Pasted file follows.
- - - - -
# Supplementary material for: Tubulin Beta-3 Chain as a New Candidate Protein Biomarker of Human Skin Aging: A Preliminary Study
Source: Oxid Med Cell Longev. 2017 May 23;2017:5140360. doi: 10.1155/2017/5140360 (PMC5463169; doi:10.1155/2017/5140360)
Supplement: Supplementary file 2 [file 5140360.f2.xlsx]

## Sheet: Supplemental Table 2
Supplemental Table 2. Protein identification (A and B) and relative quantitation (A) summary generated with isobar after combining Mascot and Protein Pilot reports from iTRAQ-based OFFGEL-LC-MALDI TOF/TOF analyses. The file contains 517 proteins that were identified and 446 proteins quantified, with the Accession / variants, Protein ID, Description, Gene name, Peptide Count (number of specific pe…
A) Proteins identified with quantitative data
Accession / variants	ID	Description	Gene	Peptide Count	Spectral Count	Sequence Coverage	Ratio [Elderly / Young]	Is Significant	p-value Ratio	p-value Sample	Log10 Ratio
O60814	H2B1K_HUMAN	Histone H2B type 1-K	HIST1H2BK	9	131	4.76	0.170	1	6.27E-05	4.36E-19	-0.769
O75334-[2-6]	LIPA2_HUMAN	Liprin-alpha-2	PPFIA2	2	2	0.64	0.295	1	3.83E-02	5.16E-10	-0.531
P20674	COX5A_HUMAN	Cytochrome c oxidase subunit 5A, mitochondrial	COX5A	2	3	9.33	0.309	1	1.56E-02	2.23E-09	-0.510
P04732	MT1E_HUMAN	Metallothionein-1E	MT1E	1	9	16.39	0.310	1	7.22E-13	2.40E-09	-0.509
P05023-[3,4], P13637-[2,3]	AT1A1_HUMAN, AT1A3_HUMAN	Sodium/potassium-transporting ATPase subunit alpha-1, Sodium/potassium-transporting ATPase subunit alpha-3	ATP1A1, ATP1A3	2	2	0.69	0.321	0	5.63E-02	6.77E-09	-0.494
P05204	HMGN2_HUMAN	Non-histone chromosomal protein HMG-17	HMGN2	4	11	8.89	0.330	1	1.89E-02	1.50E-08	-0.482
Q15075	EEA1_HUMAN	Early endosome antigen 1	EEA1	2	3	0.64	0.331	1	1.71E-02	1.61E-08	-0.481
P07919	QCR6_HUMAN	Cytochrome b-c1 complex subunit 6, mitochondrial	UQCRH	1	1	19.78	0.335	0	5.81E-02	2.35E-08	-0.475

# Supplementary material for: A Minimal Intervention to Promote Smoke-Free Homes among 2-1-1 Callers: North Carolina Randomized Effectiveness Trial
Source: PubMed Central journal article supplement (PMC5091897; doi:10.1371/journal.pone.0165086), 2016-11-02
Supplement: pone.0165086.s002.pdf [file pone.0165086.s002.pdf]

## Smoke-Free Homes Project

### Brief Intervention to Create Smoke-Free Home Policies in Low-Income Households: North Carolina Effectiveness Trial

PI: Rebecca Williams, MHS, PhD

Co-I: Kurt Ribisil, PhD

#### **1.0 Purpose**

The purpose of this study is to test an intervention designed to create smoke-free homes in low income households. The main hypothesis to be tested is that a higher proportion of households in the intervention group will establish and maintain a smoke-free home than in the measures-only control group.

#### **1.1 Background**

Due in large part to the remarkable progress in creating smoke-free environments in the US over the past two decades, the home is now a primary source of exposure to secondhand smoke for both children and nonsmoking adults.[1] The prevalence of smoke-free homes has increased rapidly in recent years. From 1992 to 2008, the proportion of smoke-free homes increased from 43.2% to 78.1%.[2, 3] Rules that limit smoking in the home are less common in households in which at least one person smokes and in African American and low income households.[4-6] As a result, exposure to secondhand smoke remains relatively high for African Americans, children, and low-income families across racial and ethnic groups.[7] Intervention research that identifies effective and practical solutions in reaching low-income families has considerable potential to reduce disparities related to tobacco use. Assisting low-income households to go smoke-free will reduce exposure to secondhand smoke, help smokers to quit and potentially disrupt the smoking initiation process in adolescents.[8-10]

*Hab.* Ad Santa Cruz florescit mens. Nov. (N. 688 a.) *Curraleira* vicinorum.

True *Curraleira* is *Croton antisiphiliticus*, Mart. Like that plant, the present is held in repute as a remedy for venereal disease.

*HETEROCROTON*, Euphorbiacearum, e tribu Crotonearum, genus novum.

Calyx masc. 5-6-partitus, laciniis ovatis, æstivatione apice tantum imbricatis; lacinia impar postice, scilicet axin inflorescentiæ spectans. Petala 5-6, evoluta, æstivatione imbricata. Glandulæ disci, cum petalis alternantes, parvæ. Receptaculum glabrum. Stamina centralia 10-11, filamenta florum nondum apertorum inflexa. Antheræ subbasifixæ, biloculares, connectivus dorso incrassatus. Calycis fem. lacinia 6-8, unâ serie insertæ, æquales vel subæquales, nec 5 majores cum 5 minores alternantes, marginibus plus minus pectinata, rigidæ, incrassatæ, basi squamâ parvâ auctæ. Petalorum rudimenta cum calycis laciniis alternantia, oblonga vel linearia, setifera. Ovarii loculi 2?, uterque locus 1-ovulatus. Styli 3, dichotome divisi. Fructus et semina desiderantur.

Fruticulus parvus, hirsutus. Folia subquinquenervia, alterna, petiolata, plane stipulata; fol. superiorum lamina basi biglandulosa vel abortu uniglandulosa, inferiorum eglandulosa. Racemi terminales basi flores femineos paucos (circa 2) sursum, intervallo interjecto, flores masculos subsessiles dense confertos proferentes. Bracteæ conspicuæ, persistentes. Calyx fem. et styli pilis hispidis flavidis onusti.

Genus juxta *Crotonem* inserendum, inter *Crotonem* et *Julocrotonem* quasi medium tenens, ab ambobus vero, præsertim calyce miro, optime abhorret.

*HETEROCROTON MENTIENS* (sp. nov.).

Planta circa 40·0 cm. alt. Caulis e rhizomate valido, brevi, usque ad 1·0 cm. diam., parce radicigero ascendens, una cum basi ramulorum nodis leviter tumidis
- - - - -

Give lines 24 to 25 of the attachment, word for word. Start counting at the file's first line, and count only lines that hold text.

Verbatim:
The purpose of this study is to test an intervention designed to create smoke-free homes in low income households. The main hypothesis to be tested is that a higher proportion of households in the intervention group will establish and maintain a smoke-free home than in the measures-only control group.

#### **1.1 Background**